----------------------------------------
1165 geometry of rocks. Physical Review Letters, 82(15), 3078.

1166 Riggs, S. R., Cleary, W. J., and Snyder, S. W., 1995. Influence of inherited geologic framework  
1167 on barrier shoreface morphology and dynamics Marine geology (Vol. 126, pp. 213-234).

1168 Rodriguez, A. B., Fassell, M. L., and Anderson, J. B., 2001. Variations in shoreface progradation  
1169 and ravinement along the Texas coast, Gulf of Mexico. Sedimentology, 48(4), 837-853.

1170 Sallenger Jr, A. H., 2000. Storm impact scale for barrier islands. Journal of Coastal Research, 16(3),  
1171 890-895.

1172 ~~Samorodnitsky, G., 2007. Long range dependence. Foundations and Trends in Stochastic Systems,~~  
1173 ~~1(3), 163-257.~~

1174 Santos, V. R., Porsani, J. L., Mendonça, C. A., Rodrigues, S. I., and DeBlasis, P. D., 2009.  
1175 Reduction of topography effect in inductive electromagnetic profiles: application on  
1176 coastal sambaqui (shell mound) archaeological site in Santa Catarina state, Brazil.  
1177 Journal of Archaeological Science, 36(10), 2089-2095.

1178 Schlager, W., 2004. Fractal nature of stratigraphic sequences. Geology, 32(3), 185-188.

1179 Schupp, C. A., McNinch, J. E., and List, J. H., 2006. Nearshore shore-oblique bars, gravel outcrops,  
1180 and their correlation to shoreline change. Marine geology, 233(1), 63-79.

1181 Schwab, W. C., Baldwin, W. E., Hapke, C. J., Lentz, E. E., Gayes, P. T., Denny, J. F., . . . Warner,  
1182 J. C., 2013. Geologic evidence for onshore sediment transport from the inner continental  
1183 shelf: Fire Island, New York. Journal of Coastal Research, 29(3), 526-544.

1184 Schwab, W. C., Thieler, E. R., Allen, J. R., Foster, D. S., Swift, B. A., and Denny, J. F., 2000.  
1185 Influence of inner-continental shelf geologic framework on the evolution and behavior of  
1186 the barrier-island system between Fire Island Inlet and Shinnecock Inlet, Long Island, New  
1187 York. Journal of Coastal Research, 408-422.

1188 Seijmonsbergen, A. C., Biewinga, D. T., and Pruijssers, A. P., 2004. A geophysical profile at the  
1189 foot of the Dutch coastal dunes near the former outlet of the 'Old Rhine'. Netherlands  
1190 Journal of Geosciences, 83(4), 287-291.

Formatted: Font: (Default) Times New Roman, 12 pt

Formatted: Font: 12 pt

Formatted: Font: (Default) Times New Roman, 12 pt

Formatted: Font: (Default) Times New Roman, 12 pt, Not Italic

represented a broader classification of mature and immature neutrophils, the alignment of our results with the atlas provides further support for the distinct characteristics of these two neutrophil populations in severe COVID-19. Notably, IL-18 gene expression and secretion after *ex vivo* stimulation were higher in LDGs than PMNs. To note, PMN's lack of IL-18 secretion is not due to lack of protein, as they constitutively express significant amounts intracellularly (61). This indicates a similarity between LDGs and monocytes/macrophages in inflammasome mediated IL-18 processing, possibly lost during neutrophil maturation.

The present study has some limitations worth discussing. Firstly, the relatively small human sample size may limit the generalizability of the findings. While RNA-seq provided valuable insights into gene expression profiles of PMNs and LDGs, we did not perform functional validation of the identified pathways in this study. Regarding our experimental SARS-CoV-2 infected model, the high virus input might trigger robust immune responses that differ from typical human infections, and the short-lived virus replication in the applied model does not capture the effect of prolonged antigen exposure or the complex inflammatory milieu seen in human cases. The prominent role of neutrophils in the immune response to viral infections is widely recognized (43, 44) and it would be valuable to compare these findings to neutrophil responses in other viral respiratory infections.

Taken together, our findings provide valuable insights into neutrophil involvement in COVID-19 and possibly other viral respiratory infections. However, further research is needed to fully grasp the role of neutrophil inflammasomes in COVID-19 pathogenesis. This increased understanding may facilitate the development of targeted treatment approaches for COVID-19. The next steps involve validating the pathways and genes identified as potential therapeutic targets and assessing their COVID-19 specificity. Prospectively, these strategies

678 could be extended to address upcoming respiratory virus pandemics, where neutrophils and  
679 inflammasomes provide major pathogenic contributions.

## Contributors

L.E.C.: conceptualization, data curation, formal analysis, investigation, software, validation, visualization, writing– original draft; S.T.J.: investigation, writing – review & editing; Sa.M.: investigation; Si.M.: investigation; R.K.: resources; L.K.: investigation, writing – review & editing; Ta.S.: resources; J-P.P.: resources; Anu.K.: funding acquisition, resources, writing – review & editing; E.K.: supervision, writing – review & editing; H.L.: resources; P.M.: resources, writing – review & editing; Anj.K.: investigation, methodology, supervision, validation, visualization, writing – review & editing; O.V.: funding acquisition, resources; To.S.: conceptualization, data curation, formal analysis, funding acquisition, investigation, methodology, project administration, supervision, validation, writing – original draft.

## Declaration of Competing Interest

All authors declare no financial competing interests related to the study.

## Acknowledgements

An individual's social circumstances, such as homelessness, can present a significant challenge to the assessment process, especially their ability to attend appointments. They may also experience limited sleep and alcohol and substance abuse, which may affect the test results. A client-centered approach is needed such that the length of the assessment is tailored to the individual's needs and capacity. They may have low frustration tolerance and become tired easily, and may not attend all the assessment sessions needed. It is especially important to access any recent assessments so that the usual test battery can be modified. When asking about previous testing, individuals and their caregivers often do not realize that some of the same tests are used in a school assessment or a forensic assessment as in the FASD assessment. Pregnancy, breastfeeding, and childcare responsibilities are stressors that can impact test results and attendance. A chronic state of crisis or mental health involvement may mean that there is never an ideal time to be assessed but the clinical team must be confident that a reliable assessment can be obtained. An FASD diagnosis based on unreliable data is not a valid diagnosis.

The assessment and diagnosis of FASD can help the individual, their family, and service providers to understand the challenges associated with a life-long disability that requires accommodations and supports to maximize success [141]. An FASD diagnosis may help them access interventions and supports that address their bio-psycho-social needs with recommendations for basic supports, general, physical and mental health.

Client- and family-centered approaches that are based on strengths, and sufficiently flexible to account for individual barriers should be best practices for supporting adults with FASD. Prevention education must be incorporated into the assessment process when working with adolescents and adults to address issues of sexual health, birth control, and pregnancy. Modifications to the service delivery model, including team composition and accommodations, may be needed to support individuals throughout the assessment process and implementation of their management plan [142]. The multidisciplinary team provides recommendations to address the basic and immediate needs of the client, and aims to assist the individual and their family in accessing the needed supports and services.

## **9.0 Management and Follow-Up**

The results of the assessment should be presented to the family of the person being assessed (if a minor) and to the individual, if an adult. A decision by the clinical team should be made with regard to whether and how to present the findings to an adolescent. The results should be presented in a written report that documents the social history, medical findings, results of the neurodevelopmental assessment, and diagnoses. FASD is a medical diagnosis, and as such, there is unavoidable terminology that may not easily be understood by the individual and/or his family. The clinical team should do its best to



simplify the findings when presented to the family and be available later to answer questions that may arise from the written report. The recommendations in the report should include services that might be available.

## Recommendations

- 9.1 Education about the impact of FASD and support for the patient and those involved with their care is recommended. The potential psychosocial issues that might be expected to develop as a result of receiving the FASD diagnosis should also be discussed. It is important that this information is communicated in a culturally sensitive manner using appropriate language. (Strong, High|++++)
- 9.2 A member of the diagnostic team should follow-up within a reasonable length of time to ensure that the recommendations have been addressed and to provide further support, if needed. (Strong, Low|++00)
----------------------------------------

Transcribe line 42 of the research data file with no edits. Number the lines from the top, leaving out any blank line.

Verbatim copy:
The assessment and diagnosis of FASD can help the individual, their family, and service providers to understand the challenges associated with a life-long disability that requires accommodations and supports to maximize success [141]. An FASD diagnosis may help them access interventions and supports that address their bio-psycho-social needs with recommendations for basic supports, general, physical and mental health.